TOEFL Requirement for College Applications
Most undergraduate applicants to universities in English-speaking countries will be required to take either the TOEFL or the IELTS if their native language is not English. TOEFL waivers are sometimes granted if the applicant demonstrates the requisite English abilities via high scores on other standardized tests (such as the verbal portion of the SAT) or if the applicant studied at a high school that taught in English. The majority of universities evaluate the TOEFL on a "pass/fail" basis, meaning that the exam is an objective prerequisite rather than a subjective factor in admissions decisions. Applicants need only achieve their preferred institutions' passing scores to be eligible for full admission (receiving these TOEFL scores obviously does not guarantee acceptance, which is dependent on the other parts of the application). Policies for students who "fail" the TOEFL (scores below the established minimums) vary by institution. Low TOEFL scores can preclude consideration of admission at some schools, but others will offer provisional admission to these applicants, which can become full student status upon completion of remedial English requirements.
Universities have a strong interest in promoting diversity in their student populations. The college learning experience is enhanced by community members from a variety of backgrounds, and this generally includes students from other countries. According to a recent profile of an entering undergraduate class at Columbia University, nearly one in five new students (19%) is classified as international, defined by home address or place of schooling. Among these designated international students at Columbia, more than three-quarters are citizens of foreign countries, or 15% of the student population as a whole.
According to U.S. News & World Report, American universities with the highest percentage of international students include the Florida Institute of Technology (33%), the New School (31.7%), the Illinois Institute of Technology (26.5%), and the University of Tulsa (25.8%). U.S. News further reports that about 40% of responding universities have recently experienced a decline in applications from international students. At such institutions, this translates to a smaller international student applicant pool and more favorable odds of acceptance for the international students that do apply. Outside of the United States, the proportion of international students can be even higher. A recent survey published in Times Higher Education found that the student population at the London School of Economics was nearly 70% international, with majority-international enrollment at institutions such as the Royal College of Surgeons in Ireland (62.5%), Imperial College London (50.7%), and City University London (50.1%).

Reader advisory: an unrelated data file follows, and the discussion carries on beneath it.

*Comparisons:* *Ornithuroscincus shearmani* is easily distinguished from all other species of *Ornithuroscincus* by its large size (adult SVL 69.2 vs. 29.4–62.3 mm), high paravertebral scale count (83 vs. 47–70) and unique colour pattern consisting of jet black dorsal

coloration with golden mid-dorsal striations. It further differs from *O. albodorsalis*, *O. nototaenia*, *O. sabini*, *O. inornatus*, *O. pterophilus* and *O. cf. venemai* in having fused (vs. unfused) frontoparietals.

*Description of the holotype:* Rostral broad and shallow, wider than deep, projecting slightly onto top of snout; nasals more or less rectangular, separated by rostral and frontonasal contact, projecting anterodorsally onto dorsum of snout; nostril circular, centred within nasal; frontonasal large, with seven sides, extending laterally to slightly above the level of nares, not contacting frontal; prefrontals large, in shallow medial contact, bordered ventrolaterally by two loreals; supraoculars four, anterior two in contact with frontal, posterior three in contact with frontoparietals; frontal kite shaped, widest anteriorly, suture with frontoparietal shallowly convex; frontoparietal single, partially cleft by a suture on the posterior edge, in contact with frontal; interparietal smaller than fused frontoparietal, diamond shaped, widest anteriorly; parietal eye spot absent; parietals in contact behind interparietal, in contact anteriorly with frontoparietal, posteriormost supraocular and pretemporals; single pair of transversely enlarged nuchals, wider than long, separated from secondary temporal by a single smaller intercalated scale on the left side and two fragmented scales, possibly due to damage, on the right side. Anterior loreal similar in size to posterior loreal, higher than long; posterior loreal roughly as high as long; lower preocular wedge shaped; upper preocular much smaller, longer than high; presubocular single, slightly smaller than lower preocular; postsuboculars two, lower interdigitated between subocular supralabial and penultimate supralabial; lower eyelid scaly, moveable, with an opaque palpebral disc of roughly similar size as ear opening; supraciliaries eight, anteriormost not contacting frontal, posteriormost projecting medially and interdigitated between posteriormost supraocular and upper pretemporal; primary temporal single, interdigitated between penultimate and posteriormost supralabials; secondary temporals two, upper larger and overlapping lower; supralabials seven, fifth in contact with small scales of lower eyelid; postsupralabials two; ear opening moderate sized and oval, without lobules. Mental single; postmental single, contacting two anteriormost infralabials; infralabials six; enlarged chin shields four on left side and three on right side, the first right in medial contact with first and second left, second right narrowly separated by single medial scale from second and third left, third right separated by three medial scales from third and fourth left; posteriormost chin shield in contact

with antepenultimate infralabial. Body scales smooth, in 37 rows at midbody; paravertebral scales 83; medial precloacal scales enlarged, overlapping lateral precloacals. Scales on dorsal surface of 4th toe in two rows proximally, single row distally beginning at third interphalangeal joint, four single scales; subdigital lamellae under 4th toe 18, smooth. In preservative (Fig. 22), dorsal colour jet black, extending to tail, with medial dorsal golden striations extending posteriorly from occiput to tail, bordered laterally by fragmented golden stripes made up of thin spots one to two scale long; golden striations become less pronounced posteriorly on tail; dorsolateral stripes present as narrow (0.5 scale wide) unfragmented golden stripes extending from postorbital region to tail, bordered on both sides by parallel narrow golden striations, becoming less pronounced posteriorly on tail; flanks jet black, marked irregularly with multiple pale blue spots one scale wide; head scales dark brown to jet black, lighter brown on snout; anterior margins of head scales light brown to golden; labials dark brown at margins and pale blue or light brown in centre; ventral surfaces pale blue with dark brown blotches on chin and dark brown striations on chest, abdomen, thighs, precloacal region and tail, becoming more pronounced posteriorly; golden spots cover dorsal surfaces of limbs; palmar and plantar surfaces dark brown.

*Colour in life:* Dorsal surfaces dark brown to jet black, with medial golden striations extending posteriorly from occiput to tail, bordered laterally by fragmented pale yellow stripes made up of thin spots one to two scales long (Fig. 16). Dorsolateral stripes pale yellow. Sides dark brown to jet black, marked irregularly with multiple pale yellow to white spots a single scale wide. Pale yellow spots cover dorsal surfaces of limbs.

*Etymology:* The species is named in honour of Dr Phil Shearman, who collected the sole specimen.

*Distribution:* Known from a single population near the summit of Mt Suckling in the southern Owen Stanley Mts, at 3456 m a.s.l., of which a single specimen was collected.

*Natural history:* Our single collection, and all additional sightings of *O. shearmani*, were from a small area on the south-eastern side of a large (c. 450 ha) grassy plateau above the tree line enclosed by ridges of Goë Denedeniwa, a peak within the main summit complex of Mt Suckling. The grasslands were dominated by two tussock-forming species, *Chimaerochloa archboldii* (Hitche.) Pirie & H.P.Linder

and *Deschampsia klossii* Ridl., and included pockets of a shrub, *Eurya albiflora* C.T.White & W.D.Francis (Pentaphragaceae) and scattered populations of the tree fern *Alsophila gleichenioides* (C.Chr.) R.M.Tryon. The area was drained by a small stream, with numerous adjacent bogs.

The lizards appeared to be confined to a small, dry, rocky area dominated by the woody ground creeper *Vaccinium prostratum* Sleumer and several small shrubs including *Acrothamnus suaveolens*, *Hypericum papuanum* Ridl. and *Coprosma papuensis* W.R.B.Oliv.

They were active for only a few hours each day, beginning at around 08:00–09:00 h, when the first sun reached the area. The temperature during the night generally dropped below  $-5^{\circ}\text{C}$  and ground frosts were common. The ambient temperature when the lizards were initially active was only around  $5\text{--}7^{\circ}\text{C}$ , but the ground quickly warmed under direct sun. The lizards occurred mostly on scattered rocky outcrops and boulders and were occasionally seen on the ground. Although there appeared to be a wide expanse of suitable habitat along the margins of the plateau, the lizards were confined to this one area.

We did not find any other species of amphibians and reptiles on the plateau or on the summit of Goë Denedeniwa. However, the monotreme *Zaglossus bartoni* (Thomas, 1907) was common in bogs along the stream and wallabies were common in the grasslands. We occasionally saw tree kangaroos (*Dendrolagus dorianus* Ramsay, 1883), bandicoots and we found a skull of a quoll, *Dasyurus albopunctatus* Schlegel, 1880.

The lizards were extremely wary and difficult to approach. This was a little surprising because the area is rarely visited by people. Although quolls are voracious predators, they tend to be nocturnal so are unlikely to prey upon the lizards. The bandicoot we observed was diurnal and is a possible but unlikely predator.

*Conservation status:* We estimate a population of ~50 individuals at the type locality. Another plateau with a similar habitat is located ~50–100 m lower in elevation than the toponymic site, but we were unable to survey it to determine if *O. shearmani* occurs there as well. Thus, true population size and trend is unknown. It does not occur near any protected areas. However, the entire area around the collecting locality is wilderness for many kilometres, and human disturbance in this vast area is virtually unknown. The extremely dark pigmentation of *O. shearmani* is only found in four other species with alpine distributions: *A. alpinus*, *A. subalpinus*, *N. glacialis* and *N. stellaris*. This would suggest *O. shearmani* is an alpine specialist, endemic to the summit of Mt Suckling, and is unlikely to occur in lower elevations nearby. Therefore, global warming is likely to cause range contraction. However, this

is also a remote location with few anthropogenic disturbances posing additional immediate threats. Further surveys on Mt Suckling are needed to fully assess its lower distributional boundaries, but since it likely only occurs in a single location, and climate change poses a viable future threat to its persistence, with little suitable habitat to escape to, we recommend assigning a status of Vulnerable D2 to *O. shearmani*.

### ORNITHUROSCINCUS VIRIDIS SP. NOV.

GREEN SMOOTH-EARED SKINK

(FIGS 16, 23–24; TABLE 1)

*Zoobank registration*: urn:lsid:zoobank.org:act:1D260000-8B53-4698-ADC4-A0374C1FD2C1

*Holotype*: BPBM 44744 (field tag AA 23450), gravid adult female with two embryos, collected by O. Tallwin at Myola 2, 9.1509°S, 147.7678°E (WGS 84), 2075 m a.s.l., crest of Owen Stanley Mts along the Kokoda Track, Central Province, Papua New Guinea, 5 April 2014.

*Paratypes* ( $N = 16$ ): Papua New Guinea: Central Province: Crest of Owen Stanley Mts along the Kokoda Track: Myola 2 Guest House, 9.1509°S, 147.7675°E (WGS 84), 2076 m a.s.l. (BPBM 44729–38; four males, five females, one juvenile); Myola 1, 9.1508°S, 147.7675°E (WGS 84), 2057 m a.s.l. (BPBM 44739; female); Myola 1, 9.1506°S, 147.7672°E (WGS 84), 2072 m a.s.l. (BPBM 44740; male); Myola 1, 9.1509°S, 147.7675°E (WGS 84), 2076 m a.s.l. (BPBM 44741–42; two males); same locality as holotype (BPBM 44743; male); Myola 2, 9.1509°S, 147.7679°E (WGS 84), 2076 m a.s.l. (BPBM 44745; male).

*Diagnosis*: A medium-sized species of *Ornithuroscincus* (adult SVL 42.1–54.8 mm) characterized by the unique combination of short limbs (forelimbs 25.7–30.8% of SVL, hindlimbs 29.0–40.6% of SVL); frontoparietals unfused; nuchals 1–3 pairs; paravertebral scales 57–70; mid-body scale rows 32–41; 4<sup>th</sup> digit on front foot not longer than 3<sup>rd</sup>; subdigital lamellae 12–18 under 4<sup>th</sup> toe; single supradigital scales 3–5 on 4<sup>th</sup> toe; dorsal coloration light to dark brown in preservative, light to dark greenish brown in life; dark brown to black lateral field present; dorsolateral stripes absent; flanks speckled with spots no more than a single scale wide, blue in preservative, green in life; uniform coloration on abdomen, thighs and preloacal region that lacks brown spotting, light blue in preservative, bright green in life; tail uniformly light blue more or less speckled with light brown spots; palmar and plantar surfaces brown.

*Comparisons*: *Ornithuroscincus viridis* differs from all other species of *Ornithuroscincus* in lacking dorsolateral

At many universities in the United States, international applicants are confronted with much lower acceptance rates than other types of students, suggesting that the admissions standards for the former category are often higher. UC Berkeley, for example, accepts 17.5% of all undergraduate applicants, but only 8.2% of international applicants. This is at least partially attributable to UC Berkeley's preference for California residents, but American students from outside of California nonetheless enjoy a much higher admit rate (16.5%) than international applicants, despite having only marginally better average credentials. The overall undergraduate acceptance rate at the University of Pennsylvania is 9.4%, but international applicants are admitted at a rate of just 6.6%. The international student acceptance rate is four percentage points lower than the admit rate for all applicants at the University of California-Los Angeles (14% versus 18%). This rate does not seem to be affected by the fact that international candidates for admission to UCLA have slightly higher average GPAs and much higher middle-50% SAT scores than those of the entire applicant pool (3.92 versus 3.91 and 2100-2260 versus 1910-2250).
International undergraduate students who wish to transfer to another institution must follow the TOEFL policies of those institutions. Transfer students are generally defined as applicants who have completed a semester or more of coursework at another postsecondary institution (the minimum number of credit-hours for transfer status varies, but is usually about 8-12). TOEFL scores are valid for two years from the date of the test, after which ETS will no longer report scores. If a prospective transfer student's TOEFL scores are still available and meet or exceed the required benchmarks for the school to which the student is transferring, satisfying the language requirement is often a simple matter of sending an additional score report. If an applicant's TOEFL scores are expired, he or she must usually re-take the exam and receive the minimum scores required by his or her new institution.